Nova Scotians on income assistance will be receiving slightly more help this year, but that amount still puts many far below Canada’s official poverty line.
“It’s criminal. I have one word for the government and that’s criminal,” said Jodi Brown, an anti-poverty activist who spent close to a year on income assistance in 2015.
“My meal of choice most times was popcorn, or tea and toast. I sat in the dark a lot to try to save on electricity,” she said.
Brown said she knows many people on income assistance struggling to pay for food or medication, and who are becoming socially isolated.
In November 2019, there were 23,627 Nova Scotian households on income assistance, said the Department of Community Services.
As of Jan. 1 the provincial government increased the maximum income assistance rate by two per cent across the board, although some recipients will get five per cent.
Brown, who is also a member of the Benefits Reform Action Group (BRAG), said the small raises to the rates in 2020 won’t make a difference to those still on assistance.
“They’re not going to be able to survive on that,” she said.
The amount of income assistance each family qualifies for depends on how many people are in the family and whether they are renters, owners or boarders.
Previously, a couple with two children qualified for a maximum of $1,170 in assistance per month. Now the same couple will qualify for $1,193, an increase of two per cent. This works out to $14,316 per year.
Many households will receive between $10 and $40 more per month.
BRAG member Tim Blades receives income assistance and said the welfare transformation process that the province began in 2014 has been “smoke and mirrors.”
Increase ‘won’t make a difference,’ says recipient
“I’m getting $10 more a month,” said Blades. “It won’t make a difference at all in my life.”
“People are fearful — and it’s a fear grounded in reality — that with these increases, they will be clawed back somehow. Ten dollars is not going to make a difference in my life, especially because they reduced me $78 last year.”
Blades said many people who are on income assistance try to help and support each other, even in minute ways.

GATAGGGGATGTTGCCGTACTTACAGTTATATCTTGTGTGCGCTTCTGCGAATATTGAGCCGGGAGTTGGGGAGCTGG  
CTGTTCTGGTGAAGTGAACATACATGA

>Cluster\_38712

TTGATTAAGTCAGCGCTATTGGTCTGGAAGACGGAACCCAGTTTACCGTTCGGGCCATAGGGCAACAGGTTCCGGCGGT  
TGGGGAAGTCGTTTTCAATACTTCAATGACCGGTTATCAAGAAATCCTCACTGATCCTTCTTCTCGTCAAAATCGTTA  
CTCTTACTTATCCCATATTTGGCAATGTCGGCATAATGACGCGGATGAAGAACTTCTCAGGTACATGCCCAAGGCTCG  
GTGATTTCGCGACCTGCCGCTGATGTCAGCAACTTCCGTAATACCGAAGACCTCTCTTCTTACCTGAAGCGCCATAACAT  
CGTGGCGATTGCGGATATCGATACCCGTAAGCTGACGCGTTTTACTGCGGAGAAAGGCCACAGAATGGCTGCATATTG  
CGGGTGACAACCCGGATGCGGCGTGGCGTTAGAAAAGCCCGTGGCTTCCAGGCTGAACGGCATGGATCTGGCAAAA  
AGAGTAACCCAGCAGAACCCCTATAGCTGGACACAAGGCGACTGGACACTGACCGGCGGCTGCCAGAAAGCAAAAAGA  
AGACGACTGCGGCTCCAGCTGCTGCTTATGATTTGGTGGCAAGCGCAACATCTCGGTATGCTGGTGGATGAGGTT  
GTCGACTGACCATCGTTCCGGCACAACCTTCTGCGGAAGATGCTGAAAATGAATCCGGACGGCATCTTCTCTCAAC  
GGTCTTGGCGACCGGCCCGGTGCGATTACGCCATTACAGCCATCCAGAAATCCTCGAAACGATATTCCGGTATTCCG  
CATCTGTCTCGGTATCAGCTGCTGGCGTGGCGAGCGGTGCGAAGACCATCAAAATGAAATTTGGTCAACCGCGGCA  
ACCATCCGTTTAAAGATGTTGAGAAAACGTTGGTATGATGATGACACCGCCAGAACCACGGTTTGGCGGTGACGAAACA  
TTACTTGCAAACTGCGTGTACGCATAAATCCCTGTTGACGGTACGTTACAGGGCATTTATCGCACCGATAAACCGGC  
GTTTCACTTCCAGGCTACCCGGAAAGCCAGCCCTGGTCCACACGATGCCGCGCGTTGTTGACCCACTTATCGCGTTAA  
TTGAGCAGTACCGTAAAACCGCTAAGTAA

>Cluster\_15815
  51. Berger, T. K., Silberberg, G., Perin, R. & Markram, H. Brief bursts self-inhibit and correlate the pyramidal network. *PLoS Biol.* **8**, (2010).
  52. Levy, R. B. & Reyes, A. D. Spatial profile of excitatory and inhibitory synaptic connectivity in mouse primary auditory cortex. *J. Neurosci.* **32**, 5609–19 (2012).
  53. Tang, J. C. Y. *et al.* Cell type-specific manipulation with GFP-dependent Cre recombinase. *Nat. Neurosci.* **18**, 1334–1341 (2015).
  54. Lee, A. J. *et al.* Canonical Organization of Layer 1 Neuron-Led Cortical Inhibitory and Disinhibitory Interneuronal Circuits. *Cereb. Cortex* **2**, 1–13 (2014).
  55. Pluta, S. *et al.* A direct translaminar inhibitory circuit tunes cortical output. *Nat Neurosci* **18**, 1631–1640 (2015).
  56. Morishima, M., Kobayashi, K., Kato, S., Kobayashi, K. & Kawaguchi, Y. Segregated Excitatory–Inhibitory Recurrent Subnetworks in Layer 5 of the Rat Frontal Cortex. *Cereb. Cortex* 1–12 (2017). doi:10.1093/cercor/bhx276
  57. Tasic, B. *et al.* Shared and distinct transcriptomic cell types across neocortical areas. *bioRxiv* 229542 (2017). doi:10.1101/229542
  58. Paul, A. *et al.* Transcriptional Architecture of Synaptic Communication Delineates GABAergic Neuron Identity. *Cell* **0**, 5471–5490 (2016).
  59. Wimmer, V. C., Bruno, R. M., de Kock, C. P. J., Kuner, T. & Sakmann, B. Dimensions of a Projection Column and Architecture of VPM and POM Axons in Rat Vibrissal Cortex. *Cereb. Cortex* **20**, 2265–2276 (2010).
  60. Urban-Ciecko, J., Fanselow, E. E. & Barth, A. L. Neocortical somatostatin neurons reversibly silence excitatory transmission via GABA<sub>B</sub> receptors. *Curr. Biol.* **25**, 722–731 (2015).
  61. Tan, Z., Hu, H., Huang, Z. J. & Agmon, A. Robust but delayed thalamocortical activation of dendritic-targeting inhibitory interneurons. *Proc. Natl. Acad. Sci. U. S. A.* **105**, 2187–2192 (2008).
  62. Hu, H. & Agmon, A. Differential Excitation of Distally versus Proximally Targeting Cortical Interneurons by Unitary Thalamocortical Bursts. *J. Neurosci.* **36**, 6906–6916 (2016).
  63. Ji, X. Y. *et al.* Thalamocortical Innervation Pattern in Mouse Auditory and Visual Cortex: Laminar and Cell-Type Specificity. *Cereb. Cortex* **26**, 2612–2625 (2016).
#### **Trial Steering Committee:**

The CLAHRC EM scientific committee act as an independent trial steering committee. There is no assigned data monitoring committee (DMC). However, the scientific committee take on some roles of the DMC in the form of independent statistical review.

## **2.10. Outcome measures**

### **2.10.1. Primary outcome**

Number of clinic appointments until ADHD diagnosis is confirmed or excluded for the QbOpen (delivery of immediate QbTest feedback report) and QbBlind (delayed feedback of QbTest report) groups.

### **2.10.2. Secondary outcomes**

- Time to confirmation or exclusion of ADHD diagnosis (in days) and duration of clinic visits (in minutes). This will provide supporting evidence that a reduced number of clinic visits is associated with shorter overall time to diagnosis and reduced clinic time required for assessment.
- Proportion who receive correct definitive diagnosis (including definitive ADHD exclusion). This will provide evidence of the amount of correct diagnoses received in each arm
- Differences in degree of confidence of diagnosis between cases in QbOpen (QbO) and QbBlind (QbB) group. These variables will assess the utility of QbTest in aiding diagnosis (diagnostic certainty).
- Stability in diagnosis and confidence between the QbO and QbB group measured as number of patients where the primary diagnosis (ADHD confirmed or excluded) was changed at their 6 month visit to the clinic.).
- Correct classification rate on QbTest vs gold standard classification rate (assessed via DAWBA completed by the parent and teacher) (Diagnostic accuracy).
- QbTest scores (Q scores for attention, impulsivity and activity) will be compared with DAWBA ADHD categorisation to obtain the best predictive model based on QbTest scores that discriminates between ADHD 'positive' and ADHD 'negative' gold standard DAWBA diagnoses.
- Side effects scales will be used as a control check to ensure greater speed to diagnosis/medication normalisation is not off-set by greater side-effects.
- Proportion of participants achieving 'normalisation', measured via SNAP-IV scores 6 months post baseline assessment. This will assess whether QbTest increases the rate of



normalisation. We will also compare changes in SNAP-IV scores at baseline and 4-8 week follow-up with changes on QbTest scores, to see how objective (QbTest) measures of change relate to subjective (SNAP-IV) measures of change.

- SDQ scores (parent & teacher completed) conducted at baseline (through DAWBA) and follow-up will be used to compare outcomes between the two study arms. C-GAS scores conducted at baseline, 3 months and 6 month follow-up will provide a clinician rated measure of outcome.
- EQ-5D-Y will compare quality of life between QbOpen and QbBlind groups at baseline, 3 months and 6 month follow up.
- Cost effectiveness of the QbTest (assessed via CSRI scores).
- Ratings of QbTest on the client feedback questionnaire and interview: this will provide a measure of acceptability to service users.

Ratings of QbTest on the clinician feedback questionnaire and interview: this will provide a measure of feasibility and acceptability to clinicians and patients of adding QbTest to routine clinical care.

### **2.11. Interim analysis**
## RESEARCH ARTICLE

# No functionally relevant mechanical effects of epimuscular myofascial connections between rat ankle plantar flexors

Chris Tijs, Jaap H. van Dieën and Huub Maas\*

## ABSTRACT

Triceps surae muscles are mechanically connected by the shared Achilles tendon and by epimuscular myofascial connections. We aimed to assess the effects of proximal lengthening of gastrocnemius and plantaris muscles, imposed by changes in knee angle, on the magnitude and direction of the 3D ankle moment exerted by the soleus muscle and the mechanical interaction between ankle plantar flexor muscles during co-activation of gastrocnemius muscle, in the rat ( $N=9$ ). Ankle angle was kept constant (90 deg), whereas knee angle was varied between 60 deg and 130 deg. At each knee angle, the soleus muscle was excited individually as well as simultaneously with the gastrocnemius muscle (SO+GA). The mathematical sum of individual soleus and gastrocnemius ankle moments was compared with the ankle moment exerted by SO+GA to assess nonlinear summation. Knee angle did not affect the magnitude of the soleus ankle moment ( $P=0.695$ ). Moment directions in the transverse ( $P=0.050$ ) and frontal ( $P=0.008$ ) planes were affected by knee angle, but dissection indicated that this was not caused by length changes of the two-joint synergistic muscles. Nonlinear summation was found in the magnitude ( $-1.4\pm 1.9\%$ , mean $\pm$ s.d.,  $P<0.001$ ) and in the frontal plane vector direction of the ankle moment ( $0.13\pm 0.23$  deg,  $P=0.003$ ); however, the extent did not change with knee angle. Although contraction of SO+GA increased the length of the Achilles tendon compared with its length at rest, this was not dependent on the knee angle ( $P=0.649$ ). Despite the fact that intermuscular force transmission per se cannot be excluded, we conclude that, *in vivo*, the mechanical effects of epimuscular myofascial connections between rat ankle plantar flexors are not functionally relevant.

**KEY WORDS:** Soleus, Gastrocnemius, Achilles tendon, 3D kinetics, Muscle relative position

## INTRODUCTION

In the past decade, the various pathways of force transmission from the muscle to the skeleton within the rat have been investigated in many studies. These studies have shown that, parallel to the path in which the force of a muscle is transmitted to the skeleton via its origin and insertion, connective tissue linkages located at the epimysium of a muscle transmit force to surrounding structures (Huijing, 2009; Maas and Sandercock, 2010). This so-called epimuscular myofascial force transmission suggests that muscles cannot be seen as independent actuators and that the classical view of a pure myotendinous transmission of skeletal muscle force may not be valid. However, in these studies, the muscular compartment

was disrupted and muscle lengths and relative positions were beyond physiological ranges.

“I coupon as much as I can. I’ll grab coupons for items that I’ll never buy or use, just so that I can pass them along to someone else,” he said.
But as much as Blades tries to reduce his expenses, he finds it difficult to cover the costs.
A couple of months ago, he needed to buy new pants. As a larger man, Blades said he had a hard time finding a size that would fit him at a reasonable price. He found a pair that cost more than $30, which is a significant amount to spend out of his monthly budget.
“When you get down to your last pair of pants, you really got to start thinking about … getting some clothes,” he said.
In 2018, the federal government released a national poverty reduction strategy that officially defined a “poverty line” in 50 regions around the country.
In Nova Scotia, that amount is defined as $35,256 to $39,430 for a family of two adults and two children, depending on where the family lives. For a single person living on their own, the poverty line is roughly half of that.
The number is calculated based on the cost of the same set of goods and services measured in each region.
Mark Culligan, a community legal worker with Dalhousie Legal Aid, said calculations done by prominent human rights lawyer Vince Calderhead show the real value of income assistance in 2020 is less than it was in 2014.
Inflation wiping away increases
“Even though there’s increases that took effect on Jan. 1, inflation already ate away at the value of those increases before they ever came in,” he said.
Culligan said the trend of inflation outpacing assistance increases has been happening since at least the early 90s.
“It’s harder to be poor now than it was 30 years ago,” he said.
Culligan believes income assistance should be set at the official federal poverty line and indexed to inflation.
In a press release announcing the changes in November, Minister of Community Services Kelly Regan said her department recognizes people on income assistance “want to be self-sufficient.”
The department said it has introduced other measures, including allowing clients to earn more money before getting assistance clawed back and an increased poverty reduction credit four times a year. It also exempts child support payments from income and provides bus passes to clients in the Halifax Regional Municipality.
Public housing rental rates range from $175 to $309 per month for those on income assistance. In an email, a spokesperson confirmed there are no plans to change those rates.
Brown said the income assistance increase, coupled with no increase to the maximum rent, is helpful.
“A lot of people didn’t know what was going to happen,” she said. “I actually had one lady message and she was crying, saying that now she can afford food, now she can afford her electricity bill.”
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